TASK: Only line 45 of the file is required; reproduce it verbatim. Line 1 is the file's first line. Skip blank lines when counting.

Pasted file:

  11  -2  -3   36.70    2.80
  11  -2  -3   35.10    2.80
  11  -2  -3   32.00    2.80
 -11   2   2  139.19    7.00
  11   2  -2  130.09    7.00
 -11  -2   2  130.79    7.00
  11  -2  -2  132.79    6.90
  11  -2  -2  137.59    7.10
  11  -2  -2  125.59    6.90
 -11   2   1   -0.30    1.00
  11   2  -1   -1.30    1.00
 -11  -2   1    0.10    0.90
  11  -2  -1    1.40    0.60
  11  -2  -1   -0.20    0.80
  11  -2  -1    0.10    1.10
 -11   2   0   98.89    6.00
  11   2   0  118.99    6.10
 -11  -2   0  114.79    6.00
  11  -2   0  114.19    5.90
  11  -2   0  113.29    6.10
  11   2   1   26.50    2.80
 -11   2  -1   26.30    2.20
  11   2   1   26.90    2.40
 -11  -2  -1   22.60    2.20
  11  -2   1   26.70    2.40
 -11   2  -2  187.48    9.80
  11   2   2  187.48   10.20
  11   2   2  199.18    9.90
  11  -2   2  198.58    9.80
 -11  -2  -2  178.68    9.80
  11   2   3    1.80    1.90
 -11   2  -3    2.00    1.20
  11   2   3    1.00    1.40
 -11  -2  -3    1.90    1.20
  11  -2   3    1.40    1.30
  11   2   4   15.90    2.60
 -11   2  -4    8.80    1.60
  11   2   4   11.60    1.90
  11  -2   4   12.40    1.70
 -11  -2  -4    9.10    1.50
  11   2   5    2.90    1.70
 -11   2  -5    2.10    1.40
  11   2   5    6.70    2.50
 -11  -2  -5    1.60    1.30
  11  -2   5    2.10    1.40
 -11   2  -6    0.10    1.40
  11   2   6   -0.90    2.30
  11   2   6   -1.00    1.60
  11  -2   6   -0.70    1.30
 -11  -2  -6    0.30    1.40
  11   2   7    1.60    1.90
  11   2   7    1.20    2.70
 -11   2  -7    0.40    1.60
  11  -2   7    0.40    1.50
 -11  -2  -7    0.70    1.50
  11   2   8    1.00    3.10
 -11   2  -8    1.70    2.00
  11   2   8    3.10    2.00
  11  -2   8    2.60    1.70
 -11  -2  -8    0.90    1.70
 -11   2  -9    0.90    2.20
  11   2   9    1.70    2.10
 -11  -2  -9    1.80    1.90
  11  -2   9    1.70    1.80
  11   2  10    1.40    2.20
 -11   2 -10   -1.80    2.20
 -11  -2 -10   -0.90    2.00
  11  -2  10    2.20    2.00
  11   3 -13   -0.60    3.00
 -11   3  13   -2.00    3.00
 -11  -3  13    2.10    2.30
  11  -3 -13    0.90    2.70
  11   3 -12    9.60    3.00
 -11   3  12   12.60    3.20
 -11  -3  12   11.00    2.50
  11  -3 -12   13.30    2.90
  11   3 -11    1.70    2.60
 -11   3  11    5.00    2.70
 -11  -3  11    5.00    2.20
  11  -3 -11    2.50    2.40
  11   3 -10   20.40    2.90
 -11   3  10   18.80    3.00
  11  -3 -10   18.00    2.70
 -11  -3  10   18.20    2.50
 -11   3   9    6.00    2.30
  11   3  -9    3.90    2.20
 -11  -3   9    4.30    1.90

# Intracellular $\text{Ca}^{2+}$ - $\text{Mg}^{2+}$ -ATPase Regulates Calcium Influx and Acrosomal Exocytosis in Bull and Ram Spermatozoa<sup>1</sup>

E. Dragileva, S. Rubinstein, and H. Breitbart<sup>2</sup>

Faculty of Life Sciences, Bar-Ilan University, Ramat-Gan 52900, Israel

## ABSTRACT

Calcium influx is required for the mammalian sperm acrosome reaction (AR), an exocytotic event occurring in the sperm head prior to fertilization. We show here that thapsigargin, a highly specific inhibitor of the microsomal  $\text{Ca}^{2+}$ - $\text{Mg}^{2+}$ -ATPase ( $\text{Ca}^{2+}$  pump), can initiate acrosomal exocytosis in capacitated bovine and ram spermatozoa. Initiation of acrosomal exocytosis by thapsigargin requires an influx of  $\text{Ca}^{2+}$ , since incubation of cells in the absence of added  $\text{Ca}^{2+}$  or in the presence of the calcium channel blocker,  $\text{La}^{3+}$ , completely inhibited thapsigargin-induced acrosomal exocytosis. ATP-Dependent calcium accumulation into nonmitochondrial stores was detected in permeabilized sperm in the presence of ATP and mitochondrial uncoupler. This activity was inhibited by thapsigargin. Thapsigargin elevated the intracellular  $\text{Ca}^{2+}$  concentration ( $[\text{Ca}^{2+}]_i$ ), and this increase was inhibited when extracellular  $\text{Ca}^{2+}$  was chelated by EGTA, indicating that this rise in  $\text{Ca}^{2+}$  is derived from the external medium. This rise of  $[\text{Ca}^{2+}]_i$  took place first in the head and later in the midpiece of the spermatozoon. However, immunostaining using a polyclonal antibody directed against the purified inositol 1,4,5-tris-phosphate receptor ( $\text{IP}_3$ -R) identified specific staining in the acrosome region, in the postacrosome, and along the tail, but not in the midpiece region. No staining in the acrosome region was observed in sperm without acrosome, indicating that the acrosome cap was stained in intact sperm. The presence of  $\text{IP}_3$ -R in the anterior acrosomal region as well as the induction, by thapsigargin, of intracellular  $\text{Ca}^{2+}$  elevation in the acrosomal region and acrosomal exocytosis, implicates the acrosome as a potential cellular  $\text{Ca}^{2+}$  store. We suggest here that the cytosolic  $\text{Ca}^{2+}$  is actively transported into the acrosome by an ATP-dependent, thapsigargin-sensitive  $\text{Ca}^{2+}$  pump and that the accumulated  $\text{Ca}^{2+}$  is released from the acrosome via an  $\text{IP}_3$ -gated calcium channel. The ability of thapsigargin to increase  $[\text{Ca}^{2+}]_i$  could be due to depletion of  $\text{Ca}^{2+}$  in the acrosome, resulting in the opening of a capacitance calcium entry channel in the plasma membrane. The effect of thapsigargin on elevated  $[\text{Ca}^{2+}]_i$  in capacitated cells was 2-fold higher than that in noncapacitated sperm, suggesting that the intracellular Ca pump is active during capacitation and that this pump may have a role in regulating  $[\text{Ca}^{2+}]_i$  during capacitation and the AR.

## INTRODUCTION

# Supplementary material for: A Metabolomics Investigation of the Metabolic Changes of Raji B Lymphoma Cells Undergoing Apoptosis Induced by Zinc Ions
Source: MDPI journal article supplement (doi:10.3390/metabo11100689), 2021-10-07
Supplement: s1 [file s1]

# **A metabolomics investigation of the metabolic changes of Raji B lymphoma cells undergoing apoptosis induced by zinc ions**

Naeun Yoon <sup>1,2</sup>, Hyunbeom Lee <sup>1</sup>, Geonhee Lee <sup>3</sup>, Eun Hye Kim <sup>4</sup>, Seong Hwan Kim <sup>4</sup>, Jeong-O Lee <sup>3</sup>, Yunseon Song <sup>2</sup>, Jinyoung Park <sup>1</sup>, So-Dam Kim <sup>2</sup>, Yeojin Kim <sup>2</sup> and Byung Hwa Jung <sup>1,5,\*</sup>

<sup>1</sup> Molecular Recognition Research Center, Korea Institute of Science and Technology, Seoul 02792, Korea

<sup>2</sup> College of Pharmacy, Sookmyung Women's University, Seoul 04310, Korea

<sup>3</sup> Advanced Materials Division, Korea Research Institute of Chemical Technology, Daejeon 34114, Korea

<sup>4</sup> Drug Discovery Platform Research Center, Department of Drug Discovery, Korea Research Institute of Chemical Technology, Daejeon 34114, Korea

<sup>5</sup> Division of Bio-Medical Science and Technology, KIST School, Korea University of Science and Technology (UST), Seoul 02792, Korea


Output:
  11  -2   5    2.10    1.40